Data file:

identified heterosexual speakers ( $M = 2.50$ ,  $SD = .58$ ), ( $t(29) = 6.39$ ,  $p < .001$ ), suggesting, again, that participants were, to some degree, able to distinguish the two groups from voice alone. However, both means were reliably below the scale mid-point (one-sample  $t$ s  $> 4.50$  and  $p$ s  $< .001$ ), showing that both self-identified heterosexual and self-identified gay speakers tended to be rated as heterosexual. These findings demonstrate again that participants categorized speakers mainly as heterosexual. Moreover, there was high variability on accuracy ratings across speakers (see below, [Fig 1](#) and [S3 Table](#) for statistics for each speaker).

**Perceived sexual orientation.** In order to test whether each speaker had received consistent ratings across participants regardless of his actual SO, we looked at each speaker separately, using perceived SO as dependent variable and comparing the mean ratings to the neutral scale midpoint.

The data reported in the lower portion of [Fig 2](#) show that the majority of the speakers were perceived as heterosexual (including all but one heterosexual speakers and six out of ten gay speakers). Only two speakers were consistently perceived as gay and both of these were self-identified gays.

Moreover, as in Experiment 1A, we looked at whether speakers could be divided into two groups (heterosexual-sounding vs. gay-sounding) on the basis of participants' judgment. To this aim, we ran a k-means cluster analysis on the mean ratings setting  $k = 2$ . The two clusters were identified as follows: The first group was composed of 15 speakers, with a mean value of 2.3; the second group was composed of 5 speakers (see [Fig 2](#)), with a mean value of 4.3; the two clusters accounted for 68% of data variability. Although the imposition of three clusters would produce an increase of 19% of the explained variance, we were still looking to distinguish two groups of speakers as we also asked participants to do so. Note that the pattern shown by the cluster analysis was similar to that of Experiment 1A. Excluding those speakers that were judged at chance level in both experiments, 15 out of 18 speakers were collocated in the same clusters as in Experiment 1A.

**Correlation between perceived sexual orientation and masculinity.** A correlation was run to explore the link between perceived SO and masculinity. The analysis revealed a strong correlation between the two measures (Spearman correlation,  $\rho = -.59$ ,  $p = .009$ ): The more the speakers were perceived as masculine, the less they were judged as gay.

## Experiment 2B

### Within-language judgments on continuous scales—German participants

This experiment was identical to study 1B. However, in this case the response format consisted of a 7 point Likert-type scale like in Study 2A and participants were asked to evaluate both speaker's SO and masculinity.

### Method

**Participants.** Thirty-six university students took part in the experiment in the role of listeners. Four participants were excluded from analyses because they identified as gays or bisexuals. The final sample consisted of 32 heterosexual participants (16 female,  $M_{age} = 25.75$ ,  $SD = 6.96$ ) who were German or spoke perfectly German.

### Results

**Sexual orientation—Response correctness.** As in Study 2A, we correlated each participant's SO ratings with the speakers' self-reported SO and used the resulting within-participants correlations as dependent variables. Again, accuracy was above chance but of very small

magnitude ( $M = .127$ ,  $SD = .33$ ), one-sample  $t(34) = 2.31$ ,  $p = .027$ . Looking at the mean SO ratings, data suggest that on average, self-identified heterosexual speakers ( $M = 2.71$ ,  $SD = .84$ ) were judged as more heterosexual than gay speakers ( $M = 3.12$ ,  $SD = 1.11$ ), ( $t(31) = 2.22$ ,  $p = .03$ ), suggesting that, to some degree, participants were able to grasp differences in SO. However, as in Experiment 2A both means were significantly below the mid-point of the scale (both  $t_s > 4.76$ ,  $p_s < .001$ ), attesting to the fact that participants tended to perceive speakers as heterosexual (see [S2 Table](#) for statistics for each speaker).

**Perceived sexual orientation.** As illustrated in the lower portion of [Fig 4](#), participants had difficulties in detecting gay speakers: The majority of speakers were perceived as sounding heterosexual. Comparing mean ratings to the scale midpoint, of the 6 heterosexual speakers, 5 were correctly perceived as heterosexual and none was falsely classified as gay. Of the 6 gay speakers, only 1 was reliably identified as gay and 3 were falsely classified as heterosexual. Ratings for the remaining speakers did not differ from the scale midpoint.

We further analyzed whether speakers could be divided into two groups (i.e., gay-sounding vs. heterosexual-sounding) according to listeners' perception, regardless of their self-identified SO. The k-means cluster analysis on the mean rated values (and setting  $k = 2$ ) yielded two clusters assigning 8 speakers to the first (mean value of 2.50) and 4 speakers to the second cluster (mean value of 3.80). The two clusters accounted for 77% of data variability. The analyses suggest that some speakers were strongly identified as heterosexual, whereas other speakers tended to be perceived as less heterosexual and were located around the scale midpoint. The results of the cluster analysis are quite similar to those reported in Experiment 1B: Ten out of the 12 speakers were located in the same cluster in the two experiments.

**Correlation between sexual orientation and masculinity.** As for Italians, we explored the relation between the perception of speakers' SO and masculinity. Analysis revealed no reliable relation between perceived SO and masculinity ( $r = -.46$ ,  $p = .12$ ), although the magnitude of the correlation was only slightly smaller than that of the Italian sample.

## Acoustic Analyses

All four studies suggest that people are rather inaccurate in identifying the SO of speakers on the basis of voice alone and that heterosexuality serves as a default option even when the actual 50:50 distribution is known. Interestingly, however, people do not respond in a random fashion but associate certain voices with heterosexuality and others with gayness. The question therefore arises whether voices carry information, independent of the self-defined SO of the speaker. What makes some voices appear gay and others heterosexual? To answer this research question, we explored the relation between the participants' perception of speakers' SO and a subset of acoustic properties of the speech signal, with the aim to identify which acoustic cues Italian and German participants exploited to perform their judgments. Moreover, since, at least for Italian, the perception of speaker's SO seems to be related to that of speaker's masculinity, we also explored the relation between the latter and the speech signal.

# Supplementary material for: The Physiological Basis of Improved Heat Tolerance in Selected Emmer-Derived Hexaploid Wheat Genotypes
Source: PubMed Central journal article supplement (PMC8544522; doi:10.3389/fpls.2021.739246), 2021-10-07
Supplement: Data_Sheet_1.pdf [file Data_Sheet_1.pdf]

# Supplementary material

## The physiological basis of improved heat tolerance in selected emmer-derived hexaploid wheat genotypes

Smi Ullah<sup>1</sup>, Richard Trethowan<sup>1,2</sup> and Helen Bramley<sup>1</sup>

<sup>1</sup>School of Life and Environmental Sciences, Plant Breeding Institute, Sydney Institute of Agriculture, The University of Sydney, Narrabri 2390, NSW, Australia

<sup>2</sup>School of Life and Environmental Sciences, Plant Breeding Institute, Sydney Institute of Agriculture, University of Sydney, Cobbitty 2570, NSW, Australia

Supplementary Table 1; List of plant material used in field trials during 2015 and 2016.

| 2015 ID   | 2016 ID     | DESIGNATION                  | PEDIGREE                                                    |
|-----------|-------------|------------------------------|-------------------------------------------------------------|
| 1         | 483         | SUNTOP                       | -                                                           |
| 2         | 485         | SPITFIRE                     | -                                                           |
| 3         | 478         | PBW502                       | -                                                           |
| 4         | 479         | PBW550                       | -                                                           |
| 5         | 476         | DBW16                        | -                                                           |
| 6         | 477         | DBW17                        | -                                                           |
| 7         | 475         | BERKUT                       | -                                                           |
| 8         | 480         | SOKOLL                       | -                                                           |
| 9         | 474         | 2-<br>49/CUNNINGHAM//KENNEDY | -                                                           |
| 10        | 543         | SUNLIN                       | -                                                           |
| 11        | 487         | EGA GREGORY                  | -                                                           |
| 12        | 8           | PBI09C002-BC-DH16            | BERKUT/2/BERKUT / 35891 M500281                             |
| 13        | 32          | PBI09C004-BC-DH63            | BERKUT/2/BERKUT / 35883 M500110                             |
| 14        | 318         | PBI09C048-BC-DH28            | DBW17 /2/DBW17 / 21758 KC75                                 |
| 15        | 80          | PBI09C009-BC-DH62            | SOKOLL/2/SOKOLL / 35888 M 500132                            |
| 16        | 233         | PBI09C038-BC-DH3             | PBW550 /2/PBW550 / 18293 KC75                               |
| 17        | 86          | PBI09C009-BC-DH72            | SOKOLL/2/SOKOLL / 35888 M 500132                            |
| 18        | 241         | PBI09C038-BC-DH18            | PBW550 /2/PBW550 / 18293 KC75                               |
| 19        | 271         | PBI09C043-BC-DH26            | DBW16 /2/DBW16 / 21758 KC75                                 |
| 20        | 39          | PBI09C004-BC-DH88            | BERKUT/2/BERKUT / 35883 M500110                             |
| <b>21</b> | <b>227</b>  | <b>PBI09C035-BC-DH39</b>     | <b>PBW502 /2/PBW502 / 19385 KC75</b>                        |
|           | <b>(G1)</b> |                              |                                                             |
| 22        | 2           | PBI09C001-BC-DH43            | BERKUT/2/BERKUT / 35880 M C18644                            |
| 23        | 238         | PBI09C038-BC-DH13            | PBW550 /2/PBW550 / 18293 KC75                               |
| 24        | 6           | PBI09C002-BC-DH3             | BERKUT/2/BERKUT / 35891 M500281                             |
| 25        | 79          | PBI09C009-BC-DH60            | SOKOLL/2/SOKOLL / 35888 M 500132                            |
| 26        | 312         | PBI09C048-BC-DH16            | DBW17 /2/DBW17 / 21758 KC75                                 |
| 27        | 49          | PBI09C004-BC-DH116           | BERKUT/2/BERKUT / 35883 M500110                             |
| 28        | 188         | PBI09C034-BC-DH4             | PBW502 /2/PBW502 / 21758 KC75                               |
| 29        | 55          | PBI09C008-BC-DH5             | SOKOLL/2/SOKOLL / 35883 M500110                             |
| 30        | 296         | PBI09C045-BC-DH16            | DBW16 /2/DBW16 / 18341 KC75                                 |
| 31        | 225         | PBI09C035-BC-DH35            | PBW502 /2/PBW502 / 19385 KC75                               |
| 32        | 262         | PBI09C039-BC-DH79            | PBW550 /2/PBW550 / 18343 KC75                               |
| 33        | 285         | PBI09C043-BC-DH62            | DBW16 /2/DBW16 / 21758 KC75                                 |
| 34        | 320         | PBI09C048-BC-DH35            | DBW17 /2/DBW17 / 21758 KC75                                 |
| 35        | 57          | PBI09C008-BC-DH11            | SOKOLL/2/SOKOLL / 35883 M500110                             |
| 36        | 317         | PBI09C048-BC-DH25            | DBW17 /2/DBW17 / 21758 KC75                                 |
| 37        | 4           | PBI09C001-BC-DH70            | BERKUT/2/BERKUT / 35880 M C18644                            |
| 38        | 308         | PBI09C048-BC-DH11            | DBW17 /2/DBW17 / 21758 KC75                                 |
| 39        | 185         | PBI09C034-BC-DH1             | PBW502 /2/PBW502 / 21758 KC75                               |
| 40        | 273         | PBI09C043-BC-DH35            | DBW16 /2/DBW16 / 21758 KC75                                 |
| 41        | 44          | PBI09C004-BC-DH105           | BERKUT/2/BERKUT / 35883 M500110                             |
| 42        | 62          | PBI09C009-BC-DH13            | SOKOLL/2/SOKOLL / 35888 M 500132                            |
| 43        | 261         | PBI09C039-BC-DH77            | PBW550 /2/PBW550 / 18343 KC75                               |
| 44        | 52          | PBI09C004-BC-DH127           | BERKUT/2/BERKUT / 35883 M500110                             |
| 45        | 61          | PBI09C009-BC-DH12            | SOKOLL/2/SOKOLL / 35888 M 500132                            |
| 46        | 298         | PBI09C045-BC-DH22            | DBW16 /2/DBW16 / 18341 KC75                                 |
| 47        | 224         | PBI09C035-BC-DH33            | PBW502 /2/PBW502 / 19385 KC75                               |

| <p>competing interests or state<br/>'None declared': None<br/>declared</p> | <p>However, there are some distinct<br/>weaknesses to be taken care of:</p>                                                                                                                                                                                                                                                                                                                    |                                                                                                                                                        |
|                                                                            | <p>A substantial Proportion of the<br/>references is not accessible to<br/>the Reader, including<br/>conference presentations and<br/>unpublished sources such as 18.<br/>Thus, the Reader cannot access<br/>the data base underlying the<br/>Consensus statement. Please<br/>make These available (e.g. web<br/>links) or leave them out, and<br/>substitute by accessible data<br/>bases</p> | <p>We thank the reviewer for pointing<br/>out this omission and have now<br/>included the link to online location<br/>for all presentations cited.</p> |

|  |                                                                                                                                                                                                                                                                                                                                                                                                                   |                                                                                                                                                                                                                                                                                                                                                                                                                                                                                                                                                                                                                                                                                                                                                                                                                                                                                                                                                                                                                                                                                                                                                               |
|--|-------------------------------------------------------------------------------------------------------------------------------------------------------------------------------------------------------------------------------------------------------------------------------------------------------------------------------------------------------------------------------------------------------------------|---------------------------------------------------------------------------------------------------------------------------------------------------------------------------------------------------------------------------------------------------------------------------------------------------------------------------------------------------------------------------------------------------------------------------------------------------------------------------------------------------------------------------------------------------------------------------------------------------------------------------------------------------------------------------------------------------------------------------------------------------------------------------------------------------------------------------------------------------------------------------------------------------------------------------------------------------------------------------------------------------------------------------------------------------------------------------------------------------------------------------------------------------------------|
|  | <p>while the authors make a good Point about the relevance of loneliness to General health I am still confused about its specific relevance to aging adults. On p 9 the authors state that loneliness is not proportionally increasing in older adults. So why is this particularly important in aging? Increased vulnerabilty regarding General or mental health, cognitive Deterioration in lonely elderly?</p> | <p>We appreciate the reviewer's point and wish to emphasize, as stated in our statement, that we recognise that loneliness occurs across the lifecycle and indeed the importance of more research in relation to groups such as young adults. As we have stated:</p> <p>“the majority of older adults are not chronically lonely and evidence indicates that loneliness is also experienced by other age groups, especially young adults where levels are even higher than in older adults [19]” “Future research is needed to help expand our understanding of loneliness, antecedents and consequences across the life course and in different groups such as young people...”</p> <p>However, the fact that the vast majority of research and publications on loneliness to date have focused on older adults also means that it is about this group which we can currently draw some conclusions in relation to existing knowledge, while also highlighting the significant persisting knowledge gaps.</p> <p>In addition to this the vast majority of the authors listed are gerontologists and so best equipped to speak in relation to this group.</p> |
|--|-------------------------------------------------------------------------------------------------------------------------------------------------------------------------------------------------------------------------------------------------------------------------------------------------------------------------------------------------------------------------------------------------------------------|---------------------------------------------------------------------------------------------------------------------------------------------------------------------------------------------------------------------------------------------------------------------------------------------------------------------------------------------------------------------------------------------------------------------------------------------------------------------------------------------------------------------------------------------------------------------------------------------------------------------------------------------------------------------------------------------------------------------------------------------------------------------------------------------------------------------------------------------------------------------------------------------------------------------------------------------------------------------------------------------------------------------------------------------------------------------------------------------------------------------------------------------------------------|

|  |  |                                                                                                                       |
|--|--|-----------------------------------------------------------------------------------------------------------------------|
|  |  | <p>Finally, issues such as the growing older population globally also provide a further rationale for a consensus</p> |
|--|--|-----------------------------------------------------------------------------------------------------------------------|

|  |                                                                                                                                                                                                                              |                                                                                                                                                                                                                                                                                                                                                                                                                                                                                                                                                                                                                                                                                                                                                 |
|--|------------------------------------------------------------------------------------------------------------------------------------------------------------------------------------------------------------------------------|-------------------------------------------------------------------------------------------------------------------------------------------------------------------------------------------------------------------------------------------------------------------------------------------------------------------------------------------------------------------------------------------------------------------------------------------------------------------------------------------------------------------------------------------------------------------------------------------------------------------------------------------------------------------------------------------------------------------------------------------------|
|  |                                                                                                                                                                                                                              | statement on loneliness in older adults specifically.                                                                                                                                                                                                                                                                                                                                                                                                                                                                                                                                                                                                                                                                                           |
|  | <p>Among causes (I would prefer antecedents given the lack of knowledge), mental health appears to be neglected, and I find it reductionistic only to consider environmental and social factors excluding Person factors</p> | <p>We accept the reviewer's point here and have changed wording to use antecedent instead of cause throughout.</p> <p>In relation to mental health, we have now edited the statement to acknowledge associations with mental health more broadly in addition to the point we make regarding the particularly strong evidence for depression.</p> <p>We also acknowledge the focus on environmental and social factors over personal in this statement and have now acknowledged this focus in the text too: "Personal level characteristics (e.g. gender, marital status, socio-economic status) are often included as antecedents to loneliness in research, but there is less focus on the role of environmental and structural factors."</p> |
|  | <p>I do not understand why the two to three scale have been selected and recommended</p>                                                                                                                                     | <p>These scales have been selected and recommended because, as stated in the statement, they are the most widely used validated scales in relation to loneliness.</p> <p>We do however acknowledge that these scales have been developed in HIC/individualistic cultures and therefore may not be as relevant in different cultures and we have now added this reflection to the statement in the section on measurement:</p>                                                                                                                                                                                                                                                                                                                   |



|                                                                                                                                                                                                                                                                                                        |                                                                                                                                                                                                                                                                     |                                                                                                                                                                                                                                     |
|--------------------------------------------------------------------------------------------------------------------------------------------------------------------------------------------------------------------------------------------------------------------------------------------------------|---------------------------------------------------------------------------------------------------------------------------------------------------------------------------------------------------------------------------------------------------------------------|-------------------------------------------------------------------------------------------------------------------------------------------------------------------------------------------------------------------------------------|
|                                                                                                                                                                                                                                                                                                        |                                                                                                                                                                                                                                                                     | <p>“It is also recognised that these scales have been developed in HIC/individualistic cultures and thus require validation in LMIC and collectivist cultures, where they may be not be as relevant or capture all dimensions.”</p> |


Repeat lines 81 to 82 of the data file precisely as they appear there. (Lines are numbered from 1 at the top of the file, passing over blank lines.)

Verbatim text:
|--|-------------------------------------------------------------------------------------------------------------------------------------------------------------------------------------------------------------------------------------------------------------------------------------------------------------------------------------------------------------------------------------------------------------------|---------------------------------------------------------------------------------------------------------------------------------------------------------------------------------------------------------------------------------------------------------------------------------------------------------------------------------------------------------------------------------------------------------------------------------------------------------------------------------------------------------------------------------------------------------------------------------------------------------------------------------------------------------------------------------------------------------------------------------------------------------------------------------------------------------------------------------------------------------------------------------------------------------------------------------------------------------------------------------------------------------------------------------------------------------------------------------------------------------------------------------------------------------------|
|  | <p>while the authors make a good Point about the relevance of loneliness to General health I am still confused about its specific relevance to aging adults. On p 9 the authors state that loneliness is not proportionally increasing in older adults. So why is this particularly important in aging? Increased vulnerabilty regarding General or mental health, cognitive Deterioration in lonely elderly?</p> | <p>We appreciate the reviewer's point and wish to emphasize, as stated in our statement, that we recognise that loneliness occurs across the lifecycle and indeed the importance of more research in relation to groups such as young adults. As we have stated:</p> <p>“the majority of older adults are not chronically lonely and evidence indicates that loneliness is also experienced by other age groups, especially young adults where levels are even higher than in older adults [19]” “Future research is needed to help expand our understanding of loneliness, antecedents and consequences across the life course and in different groups such as young people...”</p> <p>However, the fact that the vast majority of research and publications on loneliness to date have focused on older adults also means that it is about this group which we can currently draw some conclusions in relation to existing knowledge, while also highlighting the significant persisting knowledge gaps.</p> <p>In addition to this the vast majority of the authors listed are gerontologists and so best equipped to speak in relation to this group.</p> |